Scottish salmon’s EU protection status must be kept after no-deal Brexit, says Fergus Ewing

“I wish again to put on record that the Scottish government find the approach being adopted by the UK government deeply concerning,” said the Scottish Rural Economy Secretary.

As Brexit looms, with a no-deal expected in October, Scottish Rural Economy Secretary Fergus Ewing said if that is the case then Scotch whisky and salmon must get the same protection, reports the BBC.

Geographical indications scheme
Under the EU, a geographical indications scheme protects farmed salmon. They are a form of intellectual property that is used to identify a food or drink product as originating in a specific geographical location, such as a country, region or local area, and they can’t be made or produced anywhere else.

The issue is that after the UK leaves, all existing UK products registered under EU GI schemes will automatically get UK GI status and will remain protected in the UK. But those protections in the EU are still unclear.

In June, SalmonBusiness talked to Chairman of The Protected Food Names Association Matthew O’Callaghan, who said that while they successfully lobbied for a new UK scheme – though that’s not the end of it.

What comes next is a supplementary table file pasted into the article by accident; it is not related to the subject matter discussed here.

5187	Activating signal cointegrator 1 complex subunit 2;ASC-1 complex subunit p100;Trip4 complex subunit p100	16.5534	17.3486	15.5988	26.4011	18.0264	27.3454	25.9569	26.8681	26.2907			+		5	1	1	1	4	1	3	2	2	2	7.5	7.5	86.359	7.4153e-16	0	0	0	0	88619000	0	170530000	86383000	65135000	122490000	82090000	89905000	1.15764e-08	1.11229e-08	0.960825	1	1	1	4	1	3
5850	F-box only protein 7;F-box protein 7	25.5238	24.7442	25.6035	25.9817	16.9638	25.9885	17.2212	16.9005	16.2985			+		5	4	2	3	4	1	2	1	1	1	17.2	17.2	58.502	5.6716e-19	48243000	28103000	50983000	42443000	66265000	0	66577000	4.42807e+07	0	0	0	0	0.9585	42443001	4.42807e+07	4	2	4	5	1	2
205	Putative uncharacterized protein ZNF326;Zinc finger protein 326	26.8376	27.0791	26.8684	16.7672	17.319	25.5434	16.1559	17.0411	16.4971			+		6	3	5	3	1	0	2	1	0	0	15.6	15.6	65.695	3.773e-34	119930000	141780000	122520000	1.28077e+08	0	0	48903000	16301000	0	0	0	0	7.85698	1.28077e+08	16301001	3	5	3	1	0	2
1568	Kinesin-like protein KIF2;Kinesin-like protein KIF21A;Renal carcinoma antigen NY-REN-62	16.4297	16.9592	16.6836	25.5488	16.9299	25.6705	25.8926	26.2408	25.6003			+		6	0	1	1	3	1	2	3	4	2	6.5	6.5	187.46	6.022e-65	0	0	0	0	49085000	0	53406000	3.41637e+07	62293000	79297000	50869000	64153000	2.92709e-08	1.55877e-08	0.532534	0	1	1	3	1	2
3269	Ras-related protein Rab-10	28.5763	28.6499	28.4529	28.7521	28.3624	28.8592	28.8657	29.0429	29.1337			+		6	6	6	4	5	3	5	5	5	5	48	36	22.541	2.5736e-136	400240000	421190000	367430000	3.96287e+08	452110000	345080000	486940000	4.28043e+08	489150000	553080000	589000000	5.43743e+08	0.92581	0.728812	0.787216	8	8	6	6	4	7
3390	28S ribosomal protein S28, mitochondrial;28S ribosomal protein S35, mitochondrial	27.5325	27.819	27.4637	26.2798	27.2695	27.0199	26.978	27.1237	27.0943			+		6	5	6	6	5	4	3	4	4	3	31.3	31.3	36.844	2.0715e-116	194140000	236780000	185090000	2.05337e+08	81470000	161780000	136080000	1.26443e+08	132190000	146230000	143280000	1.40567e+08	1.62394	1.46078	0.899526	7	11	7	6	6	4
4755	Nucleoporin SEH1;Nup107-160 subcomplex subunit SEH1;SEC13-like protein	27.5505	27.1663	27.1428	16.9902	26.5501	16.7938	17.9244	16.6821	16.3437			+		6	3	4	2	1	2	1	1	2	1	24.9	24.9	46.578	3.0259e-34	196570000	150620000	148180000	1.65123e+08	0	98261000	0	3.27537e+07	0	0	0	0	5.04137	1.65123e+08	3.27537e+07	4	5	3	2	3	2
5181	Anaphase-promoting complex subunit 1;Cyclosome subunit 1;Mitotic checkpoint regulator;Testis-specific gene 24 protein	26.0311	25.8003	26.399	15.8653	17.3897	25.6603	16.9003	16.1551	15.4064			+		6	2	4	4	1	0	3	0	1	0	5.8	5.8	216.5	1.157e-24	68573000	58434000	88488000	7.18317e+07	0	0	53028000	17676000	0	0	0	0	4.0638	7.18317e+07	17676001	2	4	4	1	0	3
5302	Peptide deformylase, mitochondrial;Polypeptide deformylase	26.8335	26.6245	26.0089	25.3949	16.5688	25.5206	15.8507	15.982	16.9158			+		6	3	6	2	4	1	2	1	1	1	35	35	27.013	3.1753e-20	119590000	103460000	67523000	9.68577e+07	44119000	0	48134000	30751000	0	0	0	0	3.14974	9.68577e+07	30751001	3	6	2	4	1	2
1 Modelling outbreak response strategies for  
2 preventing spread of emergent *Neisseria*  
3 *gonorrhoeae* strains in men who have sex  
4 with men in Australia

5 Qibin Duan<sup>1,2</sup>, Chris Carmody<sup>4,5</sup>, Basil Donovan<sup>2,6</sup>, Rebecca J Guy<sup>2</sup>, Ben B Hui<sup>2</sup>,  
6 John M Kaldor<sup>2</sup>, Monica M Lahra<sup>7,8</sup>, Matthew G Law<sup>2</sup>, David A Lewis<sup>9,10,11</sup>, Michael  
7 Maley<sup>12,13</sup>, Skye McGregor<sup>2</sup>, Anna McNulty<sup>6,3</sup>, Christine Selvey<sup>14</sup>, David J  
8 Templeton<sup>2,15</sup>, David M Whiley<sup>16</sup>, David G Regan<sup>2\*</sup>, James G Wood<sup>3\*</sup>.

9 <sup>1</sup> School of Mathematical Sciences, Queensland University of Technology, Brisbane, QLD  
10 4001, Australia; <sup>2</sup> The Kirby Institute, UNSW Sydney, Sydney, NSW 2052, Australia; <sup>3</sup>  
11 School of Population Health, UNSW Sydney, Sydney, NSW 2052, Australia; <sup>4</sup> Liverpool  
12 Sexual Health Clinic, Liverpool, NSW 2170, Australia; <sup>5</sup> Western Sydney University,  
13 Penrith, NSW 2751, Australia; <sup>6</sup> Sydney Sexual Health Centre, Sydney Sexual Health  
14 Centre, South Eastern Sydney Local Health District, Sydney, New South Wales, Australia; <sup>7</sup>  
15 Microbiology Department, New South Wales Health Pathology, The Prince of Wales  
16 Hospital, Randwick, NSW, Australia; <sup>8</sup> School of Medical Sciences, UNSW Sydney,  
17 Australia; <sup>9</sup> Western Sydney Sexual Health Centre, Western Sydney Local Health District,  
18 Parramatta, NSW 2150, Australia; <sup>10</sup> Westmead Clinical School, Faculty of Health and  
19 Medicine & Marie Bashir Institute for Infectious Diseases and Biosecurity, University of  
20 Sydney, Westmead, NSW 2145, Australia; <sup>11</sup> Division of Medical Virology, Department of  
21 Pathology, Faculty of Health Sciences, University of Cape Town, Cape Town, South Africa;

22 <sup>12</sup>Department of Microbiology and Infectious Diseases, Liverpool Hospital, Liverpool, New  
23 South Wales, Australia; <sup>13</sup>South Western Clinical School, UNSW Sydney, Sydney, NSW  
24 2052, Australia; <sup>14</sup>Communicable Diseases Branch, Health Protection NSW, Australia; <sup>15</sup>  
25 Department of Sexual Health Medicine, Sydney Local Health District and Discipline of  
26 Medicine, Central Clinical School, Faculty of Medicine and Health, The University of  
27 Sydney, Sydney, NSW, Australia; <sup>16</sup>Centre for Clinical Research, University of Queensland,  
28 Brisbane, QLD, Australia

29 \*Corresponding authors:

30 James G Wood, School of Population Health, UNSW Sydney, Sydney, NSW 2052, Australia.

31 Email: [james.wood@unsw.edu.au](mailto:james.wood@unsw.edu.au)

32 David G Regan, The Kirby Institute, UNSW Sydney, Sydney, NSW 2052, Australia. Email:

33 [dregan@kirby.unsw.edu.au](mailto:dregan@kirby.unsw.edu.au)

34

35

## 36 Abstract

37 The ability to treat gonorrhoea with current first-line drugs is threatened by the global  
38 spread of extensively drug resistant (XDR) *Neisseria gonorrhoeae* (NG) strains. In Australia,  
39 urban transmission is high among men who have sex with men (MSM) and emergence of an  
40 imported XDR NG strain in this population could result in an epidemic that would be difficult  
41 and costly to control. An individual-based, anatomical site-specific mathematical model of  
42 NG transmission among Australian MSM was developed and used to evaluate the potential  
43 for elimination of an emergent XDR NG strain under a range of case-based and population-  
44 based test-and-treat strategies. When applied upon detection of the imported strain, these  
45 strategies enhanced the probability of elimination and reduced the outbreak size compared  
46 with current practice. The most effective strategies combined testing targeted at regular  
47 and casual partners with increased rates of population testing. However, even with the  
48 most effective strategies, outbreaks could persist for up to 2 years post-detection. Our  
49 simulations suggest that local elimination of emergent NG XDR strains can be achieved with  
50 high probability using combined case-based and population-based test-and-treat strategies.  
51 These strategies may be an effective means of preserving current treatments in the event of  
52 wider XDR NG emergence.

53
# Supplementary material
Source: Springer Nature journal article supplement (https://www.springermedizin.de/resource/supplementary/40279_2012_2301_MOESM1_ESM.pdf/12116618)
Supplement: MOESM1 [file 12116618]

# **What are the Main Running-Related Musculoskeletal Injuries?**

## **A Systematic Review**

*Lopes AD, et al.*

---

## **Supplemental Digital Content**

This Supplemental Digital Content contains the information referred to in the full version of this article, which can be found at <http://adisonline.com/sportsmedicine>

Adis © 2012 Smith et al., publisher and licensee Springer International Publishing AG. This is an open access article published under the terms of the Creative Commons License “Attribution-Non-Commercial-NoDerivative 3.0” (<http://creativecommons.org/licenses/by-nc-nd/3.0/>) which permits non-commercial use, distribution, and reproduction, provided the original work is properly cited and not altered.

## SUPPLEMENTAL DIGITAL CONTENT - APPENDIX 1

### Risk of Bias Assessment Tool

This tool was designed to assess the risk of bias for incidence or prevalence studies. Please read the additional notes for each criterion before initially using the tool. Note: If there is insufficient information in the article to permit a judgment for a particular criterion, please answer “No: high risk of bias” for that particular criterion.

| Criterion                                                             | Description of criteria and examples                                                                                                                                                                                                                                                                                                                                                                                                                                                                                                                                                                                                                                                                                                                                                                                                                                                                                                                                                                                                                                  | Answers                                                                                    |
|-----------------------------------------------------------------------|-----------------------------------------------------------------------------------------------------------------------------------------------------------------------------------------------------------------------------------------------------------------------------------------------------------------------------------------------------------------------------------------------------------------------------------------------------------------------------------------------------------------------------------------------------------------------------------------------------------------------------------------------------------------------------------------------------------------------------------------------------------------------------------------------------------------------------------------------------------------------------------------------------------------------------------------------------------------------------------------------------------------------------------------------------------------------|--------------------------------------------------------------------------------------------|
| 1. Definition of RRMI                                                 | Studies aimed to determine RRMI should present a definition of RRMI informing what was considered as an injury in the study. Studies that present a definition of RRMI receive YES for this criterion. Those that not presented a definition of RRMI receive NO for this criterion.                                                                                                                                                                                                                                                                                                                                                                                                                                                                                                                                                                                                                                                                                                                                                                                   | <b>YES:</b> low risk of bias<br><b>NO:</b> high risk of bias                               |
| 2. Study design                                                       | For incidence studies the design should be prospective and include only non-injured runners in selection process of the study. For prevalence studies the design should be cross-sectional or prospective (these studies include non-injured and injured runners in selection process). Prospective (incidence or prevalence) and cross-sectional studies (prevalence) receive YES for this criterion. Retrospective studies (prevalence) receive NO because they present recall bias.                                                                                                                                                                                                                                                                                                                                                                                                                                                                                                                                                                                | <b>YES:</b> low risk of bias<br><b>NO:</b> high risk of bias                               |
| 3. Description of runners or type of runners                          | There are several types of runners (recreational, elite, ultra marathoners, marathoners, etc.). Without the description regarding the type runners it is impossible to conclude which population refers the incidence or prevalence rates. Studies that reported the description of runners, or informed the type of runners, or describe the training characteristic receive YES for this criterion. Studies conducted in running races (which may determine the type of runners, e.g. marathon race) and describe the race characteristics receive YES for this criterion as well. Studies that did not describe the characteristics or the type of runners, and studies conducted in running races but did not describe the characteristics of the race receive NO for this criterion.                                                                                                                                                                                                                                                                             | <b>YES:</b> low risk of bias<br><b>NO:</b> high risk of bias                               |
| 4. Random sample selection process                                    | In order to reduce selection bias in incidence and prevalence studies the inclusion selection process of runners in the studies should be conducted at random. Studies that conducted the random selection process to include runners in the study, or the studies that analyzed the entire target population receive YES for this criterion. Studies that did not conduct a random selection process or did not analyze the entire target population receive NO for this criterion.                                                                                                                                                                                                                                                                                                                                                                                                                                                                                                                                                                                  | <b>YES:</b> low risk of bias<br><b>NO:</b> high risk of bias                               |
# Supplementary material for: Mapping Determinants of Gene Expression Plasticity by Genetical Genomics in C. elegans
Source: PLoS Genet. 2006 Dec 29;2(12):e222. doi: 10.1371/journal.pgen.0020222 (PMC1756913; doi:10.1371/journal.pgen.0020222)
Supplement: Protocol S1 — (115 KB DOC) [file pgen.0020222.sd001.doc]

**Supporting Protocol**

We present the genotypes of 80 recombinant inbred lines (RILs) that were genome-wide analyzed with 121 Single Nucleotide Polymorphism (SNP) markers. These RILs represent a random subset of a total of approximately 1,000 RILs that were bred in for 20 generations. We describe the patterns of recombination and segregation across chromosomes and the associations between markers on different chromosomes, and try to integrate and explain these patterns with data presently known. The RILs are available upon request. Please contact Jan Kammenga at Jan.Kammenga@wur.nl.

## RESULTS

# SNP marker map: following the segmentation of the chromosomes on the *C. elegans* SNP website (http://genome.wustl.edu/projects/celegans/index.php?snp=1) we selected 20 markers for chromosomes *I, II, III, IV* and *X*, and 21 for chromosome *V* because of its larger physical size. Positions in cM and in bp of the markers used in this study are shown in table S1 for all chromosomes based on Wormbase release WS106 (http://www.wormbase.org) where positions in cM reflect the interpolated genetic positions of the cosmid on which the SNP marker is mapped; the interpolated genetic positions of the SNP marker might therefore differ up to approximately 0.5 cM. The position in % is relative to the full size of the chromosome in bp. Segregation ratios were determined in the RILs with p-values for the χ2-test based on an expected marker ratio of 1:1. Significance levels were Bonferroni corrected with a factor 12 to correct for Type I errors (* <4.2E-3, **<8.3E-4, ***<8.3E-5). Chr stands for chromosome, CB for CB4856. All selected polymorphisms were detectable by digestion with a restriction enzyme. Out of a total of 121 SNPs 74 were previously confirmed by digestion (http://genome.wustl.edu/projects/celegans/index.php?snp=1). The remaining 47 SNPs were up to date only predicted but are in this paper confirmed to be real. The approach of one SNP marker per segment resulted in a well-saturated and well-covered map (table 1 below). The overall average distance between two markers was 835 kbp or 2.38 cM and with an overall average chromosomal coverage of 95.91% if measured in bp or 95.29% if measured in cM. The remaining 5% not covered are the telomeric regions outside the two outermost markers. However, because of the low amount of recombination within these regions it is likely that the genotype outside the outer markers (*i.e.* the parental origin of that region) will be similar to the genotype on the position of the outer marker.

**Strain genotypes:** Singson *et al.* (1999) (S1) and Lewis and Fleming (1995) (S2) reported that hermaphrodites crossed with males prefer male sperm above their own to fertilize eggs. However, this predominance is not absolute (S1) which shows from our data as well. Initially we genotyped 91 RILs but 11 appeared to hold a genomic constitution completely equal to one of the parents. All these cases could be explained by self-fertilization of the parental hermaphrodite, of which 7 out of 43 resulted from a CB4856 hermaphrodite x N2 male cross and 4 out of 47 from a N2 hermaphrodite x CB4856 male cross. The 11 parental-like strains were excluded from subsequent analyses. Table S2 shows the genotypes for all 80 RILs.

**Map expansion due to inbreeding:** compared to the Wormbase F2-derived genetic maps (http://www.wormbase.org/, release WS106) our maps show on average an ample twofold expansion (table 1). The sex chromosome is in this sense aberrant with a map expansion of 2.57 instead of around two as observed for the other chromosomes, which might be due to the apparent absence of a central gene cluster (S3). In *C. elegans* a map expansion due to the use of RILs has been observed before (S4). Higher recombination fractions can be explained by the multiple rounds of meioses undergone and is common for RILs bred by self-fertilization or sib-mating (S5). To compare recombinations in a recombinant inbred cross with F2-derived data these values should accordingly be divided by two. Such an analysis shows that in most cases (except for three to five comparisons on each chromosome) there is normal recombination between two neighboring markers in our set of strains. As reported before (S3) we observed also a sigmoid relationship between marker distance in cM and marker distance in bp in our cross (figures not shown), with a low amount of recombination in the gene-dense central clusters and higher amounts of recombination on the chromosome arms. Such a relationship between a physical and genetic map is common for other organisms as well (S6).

“What may happen is that the UK may register as a third country,”  explained O’Callaghan. Columbia has a PGI recognition with the EU for coffee, for example. “The UK will set up its own food protection scheme but it won’t protect UK goods in the EU,” he said. “The question is what happens in the EU.”

Writing to the newly-appointed Secretary of State for Environment, Food and Rural Affairs Theresa Villiers, Ewing said her department’s “deeply concerning” position was “causing real uncertainty”.

Ewing wrote: “I wish again to put on record that the Scottish government find the approach being adopted by the UK government deeply concerning”.

“It is not enough to simply hope and believe that the EU will not take steps to remove existing UK GIs from their registers, especially if we are not to protect their GI products from day one in the UK scheme”.

“This stance is causing real uncertainty for producers and I implore you to do more to attempt to secure this mutual recognition in negotiations taking place.”

Own GI schemes
In response, a Defra spokeswoman told the BBC that geographical indicators “played a crucial role in protecting the provenance and heritage of some of our best-loved food and drink products”.

She added: “That is why the UK is ready to launch its own GI schemes at the point at which EU rules cease to apply in the UK.

“Our amazing food sector will be ready and waiting to continue selling ever more, not just here but around the world once we leave the EU on October 31.”


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